Cabinet ministers have split over the possibility of a no-deal Brexit as it emerged the Home Office was considering calling in soldiers to guard the border in the event that talks with the EU fail.
Brexit Secretary David Davis told the House of Commons that “the maintenance of the option of no deal is both for negotiating reasons and sensible security,” hours before the Home Secretary Amber Rudd said leaving the EU without an agreement was “unthinkable”.
Mr Davis said the government was “straining every sinew” to get a good Brexit deal, but insisted a no-deal exit had to be an option “because in any negotiation, you’ve got to have the right to walk away, otherwise you get a terrible deal”.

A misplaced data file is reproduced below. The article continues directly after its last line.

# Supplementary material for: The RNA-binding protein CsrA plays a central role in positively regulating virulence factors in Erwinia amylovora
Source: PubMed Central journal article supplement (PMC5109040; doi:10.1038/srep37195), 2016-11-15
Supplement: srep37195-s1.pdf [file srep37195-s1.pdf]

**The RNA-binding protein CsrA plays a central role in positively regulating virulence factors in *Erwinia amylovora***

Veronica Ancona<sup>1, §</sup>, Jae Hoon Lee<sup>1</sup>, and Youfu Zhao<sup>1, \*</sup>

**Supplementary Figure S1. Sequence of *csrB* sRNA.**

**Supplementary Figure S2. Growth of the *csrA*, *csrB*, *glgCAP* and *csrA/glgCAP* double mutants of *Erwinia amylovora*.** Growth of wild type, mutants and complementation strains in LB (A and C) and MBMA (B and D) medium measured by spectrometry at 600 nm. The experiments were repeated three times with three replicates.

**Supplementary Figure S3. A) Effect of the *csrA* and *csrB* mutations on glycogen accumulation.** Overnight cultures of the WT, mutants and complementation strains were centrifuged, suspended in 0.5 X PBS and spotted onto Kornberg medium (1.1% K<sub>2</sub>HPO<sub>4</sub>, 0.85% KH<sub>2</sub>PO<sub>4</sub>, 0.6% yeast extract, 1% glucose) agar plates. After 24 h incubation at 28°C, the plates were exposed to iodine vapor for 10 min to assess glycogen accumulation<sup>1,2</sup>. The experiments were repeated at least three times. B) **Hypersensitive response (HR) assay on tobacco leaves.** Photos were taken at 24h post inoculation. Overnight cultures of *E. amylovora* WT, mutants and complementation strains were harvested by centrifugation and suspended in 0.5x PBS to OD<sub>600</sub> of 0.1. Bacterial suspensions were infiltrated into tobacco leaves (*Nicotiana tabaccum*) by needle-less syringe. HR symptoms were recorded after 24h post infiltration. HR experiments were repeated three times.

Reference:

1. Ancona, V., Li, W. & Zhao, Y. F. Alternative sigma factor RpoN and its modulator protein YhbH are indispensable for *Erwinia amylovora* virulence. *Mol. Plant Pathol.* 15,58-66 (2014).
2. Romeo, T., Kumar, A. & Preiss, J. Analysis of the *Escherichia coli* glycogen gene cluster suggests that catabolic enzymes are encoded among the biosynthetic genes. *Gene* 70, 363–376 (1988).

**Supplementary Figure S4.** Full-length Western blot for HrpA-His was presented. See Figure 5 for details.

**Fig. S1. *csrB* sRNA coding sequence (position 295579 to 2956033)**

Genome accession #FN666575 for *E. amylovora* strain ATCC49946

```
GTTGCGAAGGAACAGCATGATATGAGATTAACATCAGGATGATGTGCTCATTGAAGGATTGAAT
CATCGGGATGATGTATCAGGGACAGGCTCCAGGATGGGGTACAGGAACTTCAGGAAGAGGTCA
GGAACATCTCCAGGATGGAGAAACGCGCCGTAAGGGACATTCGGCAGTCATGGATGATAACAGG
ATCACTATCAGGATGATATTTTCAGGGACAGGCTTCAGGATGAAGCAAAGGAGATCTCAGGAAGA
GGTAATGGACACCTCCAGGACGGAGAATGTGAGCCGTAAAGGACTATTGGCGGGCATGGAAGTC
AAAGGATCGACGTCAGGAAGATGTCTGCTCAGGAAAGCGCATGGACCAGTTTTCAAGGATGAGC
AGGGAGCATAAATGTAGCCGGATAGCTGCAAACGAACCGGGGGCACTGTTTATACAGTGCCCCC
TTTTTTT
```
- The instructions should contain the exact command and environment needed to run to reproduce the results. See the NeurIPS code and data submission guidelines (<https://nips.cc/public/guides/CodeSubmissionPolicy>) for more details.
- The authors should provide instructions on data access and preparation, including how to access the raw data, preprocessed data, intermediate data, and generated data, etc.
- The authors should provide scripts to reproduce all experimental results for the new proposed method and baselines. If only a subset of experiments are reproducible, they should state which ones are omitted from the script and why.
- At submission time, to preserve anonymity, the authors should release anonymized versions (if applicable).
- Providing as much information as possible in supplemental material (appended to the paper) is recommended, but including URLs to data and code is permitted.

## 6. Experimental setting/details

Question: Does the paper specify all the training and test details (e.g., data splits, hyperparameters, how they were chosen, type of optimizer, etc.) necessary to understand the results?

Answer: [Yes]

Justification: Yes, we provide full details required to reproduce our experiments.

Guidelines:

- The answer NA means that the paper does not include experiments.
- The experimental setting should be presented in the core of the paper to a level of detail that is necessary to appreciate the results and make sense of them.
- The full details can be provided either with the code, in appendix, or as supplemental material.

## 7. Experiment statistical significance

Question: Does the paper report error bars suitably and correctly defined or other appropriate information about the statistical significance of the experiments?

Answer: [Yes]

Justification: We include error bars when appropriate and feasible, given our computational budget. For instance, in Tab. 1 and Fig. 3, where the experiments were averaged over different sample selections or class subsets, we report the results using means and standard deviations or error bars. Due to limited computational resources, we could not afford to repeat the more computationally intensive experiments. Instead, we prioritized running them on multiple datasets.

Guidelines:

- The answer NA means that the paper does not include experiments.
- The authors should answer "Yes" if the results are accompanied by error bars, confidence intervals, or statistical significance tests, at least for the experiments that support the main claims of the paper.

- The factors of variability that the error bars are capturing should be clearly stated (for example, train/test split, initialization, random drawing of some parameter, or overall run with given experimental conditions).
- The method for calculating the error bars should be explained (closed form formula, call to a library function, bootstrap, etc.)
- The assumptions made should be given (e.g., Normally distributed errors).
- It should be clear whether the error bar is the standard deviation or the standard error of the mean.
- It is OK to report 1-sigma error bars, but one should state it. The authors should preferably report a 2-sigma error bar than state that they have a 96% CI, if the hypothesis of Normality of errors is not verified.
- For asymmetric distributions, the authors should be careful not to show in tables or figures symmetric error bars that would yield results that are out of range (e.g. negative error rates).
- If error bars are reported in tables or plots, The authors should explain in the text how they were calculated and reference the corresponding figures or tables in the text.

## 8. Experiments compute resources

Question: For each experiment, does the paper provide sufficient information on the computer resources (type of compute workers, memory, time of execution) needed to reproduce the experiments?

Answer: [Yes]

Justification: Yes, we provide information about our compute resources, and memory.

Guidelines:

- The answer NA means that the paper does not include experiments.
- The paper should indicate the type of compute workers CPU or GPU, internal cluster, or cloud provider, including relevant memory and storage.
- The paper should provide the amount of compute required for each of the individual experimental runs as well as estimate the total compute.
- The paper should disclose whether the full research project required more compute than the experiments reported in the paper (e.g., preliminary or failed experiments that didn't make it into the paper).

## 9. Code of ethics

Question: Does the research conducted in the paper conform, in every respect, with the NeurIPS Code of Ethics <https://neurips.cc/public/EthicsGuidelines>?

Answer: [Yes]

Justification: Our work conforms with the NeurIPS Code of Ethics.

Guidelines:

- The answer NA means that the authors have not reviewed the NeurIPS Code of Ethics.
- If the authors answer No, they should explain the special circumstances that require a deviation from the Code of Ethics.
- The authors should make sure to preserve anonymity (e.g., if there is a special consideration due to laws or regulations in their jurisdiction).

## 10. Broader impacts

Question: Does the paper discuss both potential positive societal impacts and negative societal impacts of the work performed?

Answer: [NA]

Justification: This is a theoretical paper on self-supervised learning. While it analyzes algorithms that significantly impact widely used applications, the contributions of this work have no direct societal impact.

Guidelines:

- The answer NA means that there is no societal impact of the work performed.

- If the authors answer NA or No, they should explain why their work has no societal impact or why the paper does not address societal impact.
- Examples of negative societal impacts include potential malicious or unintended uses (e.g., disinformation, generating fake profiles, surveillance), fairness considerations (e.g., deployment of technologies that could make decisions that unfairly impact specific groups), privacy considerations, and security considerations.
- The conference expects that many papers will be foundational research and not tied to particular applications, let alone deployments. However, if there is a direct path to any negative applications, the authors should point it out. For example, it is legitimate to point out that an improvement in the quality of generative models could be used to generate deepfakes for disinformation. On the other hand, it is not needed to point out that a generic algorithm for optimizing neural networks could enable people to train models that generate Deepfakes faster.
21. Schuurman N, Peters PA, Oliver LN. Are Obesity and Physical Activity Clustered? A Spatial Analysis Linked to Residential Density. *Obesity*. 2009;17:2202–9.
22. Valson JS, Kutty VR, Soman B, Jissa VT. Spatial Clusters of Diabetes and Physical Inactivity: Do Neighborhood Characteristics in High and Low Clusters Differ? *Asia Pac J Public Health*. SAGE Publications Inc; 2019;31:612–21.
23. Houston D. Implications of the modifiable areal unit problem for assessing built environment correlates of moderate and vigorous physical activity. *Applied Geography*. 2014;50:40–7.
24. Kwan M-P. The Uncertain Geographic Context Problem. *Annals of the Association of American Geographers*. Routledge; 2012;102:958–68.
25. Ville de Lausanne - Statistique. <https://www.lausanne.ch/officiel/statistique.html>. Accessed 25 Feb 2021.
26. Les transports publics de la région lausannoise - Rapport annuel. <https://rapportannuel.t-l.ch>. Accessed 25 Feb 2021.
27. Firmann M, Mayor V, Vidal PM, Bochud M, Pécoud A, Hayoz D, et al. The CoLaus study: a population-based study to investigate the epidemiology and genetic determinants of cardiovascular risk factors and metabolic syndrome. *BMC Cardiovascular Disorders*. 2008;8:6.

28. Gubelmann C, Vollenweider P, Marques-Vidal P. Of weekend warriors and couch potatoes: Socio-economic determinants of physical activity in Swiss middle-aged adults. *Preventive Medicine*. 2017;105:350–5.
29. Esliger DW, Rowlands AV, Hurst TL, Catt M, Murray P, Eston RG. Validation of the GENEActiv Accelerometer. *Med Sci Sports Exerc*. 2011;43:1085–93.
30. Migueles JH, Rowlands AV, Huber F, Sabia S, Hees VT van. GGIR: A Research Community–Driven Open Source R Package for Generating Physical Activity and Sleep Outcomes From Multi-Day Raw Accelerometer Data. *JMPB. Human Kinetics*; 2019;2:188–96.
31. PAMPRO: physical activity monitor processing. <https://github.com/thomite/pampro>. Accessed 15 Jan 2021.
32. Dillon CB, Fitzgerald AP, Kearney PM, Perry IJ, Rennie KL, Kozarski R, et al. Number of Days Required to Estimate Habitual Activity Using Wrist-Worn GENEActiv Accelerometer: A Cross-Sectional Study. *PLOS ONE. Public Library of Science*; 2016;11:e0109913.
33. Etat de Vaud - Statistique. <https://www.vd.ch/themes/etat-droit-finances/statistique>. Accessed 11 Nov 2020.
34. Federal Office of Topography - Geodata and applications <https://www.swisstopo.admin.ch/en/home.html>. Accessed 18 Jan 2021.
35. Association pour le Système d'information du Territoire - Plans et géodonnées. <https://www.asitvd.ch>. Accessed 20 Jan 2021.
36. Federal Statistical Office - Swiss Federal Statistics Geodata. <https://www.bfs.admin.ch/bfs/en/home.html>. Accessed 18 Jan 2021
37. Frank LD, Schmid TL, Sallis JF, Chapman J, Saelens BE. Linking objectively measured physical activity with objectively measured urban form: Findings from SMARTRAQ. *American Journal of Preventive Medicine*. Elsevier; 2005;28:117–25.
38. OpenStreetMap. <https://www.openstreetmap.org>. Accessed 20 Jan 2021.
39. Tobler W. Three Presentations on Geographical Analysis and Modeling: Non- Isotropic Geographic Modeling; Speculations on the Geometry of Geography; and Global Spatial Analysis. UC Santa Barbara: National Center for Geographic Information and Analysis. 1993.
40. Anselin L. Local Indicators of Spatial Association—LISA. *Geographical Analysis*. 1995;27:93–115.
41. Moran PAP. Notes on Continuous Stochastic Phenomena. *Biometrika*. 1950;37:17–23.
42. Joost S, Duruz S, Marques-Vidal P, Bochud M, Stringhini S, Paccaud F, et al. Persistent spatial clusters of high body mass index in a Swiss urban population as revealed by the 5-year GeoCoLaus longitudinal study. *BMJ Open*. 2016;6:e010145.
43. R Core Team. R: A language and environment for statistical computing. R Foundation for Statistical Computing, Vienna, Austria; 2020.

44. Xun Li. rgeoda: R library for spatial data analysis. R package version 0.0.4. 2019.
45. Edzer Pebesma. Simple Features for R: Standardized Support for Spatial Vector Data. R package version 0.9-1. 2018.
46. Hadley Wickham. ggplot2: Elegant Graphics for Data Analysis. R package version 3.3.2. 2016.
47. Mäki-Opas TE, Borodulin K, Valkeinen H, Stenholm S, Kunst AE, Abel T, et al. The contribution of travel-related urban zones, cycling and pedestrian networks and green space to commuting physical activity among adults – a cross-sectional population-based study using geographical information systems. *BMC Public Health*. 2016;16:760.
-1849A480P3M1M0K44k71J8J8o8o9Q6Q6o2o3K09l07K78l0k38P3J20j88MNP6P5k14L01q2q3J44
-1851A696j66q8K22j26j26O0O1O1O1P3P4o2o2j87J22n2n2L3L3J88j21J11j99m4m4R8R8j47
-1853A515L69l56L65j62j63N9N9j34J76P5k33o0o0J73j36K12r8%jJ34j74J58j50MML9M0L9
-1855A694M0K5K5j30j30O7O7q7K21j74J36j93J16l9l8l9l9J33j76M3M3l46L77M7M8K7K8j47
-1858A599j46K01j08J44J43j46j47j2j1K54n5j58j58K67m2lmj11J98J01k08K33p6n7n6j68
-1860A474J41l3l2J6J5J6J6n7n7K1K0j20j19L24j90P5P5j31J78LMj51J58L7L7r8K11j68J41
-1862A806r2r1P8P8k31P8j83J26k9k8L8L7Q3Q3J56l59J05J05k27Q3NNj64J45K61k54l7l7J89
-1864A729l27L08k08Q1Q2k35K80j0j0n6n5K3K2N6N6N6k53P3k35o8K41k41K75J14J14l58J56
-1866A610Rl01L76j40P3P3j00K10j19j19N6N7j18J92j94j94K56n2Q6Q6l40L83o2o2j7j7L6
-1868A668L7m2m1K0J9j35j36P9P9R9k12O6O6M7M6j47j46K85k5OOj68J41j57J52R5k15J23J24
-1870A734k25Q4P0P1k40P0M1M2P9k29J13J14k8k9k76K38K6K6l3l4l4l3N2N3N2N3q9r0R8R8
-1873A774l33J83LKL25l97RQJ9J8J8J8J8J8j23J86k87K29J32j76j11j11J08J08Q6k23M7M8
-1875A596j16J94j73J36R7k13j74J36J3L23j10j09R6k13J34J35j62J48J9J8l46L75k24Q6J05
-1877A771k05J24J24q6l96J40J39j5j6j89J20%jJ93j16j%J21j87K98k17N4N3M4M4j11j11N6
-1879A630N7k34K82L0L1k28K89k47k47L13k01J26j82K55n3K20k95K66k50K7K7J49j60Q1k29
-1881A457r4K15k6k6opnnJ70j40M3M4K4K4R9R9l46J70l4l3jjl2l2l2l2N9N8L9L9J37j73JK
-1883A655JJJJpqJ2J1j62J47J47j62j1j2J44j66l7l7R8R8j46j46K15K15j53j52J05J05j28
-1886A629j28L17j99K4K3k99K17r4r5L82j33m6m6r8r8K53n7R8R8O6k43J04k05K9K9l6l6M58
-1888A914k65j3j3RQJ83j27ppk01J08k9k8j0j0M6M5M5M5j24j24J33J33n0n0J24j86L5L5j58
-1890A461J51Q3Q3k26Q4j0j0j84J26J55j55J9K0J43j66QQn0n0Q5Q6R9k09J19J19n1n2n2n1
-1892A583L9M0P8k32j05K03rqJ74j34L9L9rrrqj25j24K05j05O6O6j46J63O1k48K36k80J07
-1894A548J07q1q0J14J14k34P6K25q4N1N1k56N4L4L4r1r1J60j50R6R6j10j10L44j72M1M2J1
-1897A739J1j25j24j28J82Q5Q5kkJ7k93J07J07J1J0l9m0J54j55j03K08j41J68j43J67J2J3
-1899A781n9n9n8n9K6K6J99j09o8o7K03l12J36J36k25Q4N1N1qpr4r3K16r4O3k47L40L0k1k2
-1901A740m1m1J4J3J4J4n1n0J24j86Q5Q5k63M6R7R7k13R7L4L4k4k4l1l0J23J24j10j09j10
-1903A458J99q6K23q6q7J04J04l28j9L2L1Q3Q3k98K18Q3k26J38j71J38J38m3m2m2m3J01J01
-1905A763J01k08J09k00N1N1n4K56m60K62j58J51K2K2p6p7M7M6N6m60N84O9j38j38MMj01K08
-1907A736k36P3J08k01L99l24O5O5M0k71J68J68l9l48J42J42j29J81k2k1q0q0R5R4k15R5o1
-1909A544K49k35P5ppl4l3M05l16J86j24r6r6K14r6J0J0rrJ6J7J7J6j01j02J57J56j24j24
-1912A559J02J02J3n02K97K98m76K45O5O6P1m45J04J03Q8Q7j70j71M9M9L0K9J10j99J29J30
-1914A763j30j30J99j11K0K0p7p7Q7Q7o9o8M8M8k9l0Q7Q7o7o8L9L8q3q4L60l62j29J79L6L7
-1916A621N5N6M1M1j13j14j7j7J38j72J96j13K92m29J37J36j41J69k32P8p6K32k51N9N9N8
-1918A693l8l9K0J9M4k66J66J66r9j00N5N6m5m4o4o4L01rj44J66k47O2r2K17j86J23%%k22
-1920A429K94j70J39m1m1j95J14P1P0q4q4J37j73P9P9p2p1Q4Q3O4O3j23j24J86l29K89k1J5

Ms Rudd later told the Home Affairs Select Committee: “I think it is unthinkable that there would be no deal,” but added that 300 border guards were being recruited to prepare for that eventuality because it would take a year to train them.
And the Home Office permanent secretary, Philip Rutnam refused to rule out calling in the army to police the border in a no-deal scenario, saying it would be an “absolute last resort”.